An important characteristic of a fluid coupling is certainly its stall velocity. The stall velocity is thought as the highest speed of which the pump can turn when the result turbine is locked and optimum insight power is used. Under stall circumstances all the engine’s power would be dissipated in the fluid coupling as heat, perhaps leading to damage.
A modification to the simple fluid coupling is the step-circuit coupling that was formerly produced as the “STC coupling” by the Fluidrive Engineering Organization.
The STC coupling contains a reservoir to which some, but not all, of the essential oil gravitates when the result shaft is stalled. This reduces the “drag” on the insight shaft, resulting in reduced fuel consumption when idling and a reduction in the vehicle’s tendency to “creep”.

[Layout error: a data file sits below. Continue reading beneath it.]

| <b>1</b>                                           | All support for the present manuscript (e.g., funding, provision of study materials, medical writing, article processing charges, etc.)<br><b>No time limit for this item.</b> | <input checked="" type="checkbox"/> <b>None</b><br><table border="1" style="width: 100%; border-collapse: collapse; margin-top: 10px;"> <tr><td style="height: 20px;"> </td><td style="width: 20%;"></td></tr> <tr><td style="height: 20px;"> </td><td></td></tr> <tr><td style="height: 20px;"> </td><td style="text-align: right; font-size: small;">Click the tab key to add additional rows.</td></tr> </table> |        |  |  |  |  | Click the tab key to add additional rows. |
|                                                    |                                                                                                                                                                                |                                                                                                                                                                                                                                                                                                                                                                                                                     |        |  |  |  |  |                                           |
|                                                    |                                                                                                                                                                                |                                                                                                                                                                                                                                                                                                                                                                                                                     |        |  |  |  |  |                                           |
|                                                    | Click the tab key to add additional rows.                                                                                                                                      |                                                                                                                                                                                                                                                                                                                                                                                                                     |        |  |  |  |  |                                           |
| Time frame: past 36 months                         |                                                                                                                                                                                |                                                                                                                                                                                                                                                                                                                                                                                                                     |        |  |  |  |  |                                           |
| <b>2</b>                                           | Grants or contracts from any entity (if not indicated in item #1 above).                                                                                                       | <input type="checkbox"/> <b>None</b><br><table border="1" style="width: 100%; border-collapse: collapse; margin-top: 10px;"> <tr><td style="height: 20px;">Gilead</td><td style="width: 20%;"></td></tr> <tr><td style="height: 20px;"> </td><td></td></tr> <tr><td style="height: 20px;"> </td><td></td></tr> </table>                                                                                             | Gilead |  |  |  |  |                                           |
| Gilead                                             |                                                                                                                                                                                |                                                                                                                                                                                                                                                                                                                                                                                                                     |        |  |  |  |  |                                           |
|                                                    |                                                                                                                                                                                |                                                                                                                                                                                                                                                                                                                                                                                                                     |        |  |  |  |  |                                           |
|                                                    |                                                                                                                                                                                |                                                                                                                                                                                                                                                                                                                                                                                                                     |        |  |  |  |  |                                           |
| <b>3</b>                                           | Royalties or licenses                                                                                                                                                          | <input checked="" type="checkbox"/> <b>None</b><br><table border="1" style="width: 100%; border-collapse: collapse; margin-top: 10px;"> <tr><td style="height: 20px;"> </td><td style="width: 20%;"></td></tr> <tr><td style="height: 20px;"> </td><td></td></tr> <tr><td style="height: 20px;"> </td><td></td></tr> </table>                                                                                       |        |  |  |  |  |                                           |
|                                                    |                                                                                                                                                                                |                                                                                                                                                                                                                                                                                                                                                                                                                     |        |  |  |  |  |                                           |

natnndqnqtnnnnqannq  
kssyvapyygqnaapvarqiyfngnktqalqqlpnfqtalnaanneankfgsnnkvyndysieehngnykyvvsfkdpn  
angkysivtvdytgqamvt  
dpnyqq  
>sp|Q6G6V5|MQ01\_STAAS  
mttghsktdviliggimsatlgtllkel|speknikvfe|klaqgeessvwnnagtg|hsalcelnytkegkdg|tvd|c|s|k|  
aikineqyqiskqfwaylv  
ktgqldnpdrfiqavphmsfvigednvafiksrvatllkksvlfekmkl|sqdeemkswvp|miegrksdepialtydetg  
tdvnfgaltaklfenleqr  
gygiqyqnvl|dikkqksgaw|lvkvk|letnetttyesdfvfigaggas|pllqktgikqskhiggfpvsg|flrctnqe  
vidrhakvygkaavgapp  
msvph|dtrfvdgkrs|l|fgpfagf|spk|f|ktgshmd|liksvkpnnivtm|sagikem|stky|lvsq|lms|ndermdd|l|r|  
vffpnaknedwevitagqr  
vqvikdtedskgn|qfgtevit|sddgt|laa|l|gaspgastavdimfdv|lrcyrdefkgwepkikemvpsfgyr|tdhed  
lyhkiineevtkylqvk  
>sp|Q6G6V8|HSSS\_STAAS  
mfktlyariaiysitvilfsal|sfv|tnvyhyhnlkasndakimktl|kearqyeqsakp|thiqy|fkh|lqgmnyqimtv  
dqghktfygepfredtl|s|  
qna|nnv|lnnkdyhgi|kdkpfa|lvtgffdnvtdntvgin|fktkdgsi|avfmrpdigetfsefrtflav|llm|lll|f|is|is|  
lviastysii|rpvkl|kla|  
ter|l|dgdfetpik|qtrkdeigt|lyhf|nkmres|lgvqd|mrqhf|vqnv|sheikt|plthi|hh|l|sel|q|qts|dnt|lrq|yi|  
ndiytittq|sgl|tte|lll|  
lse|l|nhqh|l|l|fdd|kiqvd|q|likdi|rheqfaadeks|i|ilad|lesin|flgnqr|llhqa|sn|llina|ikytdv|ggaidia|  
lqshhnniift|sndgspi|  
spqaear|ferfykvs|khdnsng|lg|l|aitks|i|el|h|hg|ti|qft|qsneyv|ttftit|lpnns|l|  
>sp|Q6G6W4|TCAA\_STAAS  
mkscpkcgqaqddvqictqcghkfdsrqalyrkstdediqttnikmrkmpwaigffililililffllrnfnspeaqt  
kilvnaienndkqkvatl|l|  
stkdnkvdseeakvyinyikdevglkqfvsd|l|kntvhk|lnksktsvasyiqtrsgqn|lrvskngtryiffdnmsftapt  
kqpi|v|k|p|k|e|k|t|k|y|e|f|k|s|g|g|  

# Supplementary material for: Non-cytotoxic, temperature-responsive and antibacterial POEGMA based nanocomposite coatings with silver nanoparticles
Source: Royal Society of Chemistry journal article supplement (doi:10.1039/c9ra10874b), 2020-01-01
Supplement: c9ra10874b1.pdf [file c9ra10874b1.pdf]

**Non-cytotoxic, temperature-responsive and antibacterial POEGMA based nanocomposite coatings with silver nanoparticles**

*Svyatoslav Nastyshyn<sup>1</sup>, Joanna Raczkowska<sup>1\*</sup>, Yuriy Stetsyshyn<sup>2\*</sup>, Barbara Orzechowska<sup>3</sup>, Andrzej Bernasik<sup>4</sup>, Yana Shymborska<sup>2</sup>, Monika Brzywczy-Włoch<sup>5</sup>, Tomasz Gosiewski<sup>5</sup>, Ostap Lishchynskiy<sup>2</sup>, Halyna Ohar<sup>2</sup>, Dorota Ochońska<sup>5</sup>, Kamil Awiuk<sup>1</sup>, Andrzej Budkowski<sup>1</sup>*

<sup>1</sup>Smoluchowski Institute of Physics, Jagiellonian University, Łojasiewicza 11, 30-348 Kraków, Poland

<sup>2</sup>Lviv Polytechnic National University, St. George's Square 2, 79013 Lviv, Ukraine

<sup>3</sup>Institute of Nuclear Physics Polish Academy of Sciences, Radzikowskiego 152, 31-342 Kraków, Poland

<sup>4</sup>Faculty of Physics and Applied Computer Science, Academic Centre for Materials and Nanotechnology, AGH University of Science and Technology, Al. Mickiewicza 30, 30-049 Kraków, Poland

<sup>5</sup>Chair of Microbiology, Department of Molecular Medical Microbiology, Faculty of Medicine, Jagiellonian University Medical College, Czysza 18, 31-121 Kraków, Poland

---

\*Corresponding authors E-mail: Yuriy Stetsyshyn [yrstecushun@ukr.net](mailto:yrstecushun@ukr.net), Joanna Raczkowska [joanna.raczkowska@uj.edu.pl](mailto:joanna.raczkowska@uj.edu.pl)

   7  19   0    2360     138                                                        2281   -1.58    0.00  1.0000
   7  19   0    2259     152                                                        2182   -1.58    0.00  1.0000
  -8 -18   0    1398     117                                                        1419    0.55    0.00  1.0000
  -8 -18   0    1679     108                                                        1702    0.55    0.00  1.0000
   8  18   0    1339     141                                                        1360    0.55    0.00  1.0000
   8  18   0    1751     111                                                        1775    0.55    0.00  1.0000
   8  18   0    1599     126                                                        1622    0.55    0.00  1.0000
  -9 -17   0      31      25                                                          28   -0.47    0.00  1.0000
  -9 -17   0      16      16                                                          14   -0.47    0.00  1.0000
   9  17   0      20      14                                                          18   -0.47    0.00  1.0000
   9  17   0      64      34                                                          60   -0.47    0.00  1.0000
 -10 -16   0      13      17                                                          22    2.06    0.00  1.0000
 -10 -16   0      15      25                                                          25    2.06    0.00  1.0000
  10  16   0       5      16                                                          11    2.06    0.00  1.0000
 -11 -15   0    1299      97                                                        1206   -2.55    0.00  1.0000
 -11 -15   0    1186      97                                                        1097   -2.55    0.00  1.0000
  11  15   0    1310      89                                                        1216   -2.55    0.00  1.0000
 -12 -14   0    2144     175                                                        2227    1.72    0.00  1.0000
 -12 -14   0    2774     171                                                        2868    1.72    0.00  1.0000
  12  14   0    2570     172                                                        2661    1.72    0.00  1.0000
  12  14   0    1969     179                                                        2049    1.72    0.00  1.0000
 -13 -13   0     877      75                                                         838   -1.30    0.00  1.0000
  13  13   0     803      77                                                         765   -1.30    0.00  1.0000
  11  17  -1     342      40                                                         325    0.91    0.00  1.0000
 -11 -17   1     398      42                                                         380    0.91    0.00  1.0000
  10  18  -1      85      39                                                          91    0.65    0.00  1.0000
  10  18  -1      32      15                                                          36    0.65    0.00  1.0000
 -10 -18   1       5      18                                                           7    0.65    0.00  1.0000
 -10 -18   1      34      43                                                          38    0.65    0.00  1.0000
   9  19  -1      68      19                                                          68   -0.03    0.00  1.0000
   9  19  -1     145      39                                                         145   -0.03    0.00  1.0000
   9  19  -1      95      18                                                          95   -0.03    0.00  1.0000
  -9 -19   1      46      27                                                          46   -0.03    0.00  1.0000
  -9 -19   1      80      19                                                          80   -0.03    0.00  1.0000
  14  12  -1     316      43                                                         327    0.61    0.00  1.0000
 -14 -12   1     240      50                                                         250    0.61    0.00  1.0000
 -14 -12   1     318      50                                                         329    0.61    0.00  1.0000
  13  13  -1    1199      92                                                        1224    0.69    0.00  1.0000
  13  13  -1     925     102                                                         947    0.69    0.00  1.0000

When the result shaft begins to rotate, the oil is thrown out of the reservoir by centrifugal force, and returns to the primary body of the coupling, to ensure that normal power transmitting is restored.
A fluid coupling cannot develop output torque when the insight and result angular velocities are similar. Hence a fluid coupling cannot achieve 100 percent power transmission efficiency. Because of slippage that may occur in virtually any fluid coupling under load, some power will be lost in fluid friction and turbulence, and dissipated as high temperature. Like other fluid dynamical gadgets, its efficiency tends to increase steadily with increasing level, as measured by the Reynolds number.